It can be especially difficult to find auditions without a manager or agent. However, there are a few important steps that you can take to help you still be seen. One very important step is to know exactly what and who you are auditioning for. No one wants to see any singer be humiliated, and so it’s necessary to know what the company is expecting to see from you. On that same note, come well prepared. Be well-practiced and memorized on your repertoire, and understand the text and, especially if it is an aria, the context of the piece.
The best place to start looking for auditions is in New York City, and while living there can be very expensive, it’s possible to sublet for a month or two to spend some time auditioning and hope that you at least make some good impressions even if you are not hired. Since connections are so important in this field, working with teachers, coaches, directors, and conductors from the New York area can help you get a leg up.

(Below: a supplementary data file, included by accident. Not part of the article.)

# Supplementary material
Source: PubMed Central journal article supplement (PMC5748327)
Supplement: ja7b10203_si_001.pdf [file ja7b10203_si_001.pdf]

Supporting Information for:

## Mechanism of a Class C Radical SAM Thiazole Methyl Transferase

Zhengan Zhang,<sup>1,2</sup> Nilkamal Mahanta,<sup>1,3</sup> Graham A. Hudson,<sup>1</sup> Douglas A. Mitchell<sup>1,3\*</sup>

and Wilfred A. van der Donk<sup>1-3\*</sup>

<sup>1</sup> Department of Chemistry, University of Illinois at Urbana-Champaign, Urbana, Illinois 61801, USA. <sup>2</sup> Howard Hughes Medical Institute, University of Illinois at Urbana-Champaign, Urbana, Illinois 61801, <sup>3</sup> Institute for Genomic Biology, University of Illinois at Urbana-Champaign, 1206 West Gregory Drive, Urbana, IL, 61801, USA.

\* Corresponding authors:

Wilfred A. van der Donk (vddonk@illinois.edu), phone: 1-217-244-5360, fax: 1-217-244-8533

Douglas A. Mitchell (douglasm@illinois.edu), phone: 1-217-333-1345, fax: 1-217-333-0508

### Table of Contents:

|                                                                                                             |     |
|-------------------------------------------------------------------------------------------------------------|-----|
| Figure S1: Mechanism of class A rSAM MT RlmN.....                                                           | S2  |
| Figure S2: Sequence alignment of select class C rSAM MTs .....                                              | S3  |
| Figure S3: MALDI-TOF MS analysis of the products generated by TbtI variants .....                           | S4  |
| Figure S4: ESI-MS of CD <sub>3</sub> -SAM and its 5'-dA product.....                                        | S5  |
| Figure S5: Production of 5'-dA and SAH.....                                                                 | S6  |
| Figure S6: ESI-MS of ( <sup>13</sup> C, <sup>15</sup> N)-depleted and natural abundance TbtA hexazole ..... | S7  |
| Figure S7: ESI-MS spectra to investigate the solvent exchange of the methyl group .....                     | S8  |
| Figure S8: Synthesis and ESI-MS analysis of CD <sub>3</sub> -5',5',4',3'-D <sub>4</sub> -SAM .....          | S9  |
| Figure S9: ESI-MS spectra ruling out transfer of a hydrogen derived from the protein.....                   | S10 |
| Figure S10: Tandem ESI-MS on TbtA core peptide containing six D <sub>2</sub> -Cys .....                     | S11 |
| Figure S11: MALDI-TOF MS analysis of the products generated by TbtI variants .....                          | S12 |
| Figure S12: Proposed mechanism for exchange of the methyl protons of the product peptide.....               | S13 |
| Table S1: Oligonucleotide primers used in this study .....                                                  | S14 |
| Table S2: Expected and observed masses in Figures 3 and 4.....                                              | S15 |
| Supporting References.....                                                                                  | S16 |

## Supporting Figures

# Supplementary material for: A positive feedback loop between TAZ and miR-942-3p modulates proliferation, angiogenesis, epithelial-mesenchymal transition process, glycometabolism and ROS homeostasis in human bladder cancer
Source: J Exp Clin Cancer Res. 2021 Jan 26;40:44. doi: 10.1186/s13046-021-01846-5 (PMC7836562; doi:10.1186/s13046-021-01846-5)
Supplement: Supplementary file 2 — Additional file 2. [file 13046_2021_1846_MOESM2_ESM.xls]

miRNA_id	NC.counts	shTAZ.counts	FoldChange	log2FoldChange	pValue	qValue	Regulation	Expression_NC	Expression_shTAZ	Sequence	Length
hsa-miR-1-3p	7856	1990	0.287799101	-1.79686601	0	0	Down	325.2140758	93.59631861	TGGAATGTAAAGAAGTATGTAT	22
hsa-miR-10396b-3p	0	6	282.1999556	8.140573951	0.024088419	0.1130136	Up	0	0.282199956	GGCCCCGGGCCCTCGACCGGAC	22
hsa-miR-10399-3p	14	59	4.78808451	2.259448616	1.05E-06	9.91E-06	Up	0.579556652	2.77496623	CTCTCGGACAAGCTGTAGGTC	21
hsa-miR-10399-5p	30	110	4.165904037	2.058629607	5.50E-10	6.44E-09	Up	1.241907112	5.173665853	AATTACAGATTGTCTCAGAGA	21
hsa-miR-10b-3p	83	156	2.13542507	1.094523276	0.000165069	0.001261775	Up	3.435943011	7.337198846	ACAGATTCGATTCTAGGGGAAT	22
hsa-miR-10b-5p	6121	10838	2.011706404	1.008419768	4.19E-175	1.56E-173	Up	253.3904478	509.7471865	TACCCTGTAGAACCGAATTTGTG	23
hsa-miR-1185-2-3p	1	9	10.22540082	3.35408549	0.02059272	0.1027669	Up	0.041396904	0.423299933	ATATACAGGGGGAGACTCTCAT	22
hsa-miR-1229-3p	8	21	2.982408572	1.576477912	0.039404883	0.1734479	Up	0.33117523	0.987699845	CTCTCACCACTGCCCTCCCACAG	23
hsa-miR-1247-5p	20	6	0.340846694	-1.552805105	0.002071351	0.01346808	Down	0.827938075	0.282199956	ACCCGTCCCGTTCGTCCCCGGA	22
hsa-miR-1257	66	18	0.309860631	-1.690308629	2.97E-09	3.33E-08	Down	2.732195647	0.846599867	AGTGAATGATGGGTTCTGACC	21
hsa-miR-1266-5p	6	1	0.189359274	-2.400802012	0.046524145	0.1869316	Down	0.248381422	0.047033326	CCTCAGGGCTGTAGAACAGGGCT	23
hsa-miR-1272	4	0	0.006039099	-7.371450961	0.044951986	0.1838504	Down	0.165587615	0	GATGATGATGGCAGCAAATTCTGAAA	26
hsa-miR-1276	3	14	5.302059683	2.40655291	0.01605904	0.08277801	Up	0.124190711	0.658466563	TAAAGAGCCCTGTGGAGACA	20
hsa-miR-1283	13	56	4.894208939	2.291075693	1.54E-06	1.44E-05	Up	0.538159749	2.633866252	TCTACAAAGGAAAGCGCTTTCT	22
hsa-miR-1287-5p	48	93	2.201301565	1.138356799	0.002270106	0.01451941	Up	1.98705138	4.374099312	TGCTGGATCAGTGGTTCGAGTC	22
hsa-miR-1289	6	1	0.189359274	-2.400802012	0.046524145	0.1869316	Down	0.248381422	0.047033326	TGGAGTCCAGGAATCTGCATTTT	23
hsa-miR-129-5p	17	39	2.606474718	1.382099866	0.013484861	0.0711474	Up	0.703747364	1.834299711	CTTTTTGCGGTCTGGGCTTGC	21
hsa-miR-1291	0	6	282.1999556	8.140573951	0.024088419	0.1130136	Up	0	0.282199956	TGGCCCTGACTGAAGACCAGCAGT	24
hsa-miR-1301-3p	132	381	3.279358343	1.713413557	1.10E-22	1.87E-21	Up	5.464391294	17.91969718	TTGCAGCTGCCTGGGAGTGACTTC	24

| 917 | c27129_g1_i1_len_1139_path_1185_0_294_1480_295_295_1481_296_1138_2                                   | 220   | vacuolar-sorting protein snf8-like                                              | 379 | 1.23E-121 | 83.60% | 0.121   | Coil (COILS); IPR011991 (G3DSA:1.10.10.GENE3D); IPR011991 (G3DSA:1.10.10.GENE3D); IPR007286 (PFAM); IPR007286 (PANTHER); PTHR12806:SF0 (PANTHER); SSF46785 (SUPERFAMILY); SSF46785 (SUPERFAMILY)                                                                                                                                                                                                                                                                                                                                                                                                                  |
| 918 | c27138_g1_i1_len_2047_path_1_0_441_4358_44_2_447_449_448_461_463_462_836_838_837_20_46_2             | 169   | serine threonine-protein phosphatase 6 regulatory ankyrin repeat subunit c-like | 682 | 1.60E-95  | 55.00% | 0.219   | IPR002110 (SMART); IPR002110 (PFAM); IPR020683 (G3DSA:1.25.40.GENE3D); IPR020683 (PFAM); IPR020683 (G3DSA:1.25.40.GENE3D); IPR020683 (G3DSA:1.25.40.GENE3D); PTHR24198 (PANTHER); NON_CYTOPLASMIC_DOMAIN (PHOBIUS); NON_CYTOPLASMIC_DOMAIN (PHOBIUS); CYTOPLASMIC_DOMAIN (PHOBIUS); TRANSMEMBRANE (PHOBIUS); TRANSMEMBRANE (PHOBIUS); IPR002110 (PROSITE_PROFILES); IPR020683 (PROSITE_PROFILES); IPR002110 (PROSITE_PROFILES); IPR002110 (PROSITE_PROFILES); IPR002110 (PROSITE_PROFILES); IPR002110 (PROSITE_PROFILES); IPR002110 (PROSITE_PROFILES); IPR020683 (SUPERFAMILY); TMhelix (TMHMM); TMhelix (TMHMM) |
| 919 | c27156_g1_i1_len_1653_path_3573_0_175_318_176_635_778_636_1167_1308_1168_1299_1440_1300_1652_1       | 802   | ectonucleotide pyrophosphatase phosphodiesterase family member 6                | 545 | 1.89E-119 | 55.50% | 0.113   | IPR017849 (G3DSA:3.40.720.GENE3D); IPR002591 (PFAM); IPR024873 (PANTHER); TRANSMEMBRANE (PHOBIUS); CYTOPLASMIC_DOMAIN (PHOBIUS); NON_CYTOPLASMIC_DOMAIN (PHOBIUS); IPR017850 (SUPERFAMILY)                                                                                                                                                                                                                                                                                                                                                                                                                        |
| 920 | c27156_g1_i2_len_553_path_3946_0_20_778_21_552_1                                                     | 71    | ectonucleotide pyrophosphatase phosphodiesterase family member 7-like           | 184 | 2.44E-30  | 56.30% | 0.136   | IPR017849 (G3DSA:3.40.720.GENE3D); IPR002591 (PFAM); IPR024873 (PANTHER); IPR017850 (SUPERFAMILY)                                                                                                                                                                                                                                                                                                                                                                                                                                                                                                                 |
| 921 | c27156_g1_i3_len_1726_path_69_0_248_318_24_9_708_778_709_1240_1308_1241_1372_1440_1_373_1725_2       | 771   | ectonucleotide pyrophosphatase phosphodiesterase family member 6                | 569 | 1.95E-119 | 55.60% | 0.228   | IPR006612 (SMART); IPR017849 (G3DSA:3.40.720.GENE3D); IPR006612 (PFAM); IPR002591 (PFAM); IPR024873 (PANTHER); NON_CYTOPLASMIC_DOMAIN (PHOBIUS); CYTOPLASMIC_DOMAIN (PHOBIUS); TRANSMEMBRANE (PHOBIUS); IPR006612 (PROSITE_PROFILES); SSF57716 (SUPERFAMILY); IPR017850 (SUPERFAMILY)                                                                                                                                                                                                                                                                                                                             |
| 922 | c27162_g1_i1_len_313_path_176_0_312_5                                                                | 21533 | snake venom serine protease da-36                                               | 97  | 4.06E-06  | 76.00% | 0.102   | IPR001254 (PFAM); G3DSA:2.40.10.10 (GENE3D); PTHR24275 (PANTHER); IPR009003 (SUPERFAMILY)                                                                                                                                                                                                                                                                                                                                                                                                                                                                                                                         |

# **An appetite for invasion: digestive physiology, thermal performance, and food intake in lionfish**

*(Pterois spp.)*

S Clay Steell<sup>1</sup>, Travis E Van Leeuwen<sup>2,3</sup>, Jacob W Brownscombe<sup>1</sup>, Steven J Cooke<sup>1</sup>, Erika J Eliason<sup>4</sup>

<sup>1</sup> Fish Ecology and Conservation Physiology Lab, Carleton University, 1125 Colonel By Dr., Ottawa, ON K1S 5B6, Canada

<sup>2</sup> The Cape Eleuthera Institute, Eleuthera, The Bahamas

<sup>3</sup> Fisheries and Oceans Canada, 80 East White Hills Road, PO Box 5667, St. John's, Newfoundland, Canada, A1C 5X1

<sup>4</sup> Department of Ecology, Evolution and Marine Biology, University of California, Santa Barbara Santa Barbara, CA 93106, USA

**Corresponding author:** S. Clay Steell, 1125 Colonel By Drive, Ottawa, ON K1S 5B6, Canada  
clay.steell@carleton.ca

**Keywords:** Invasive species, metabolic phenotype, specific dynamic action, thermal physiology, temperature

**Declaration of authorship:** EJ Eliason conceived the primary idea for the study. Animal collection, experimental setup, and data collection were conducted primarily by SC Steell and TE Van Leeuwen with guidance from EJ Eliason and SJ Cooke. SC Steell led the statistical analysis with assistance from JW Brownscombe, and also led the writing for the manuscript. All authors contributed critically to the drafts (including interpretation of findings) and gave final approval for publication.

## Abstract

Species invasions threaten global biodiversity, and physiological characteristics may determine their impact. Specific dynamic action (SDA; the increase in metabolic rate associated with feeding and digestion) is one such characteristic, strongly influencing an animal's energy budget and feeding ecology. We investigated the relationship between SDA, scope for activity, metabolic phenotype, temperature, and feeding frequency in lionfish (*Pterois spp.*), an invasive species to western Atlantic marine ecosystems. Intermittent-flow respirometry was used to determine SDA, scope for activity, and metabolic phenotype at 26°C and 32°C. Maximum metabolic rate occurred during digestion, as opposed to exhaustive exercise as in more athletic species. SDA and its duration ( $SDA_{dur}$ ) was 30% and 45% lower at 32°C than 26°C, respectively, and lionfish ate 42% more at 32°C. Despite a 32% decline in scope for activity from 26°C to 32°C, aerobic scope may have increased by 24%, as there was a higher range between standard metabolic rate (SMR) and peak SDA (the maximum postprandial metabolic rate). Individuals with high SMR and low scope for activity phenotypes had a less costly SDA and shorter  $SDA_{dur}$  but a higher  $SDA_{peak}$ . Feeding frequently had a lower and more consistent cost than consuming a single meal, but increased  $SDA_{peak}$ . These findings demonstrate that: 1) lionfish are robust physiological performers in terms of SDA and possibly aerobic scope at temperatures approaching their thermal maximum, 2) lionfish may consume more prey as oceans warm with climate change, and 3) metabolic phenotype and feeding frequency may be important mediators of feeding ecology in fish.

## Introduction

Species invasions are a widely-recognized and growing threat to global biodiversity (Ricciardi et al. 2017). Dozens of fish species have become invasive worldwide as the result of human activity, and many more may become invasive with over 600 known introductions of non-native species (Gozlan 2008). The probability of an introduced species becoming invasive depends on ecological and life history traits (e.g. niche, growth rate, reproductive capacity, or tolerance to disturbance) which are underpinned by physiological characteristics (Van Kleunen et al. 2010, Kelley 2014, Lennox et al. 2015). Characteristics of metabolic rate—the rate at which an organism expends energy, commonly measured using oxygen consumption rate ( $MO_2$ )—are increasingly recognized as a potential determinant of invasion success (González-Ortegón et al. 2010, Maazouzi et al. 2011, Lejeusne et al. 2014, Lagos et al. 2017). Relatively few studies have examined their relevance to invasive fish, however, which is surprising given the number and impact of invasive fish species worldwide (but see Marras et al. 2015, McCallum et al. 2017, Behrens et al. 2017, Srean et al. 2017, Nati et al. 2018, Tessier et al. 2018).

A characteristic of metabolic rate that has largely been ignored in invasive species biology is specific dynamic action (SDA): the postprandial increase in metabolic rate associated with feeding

If you are trying to find where specifically to audition, the New Forum for Classical Singers, Classical Singer Magazine, and Opera America all offer information about upcoming auditions. Additionally, you can always call up companies that you are hoping to work for and ask about when their next round of auditions is, and what roles they will be auditioning.
Always keep in mind that even some of the best singers only get about one in twenty roles they audition for, and for many singers with no manager and less experience it might be a low as one in a hundred. This is not an easy field, and as long as you are doing you best and giving good auditions, you just have to keep trying until you succeed.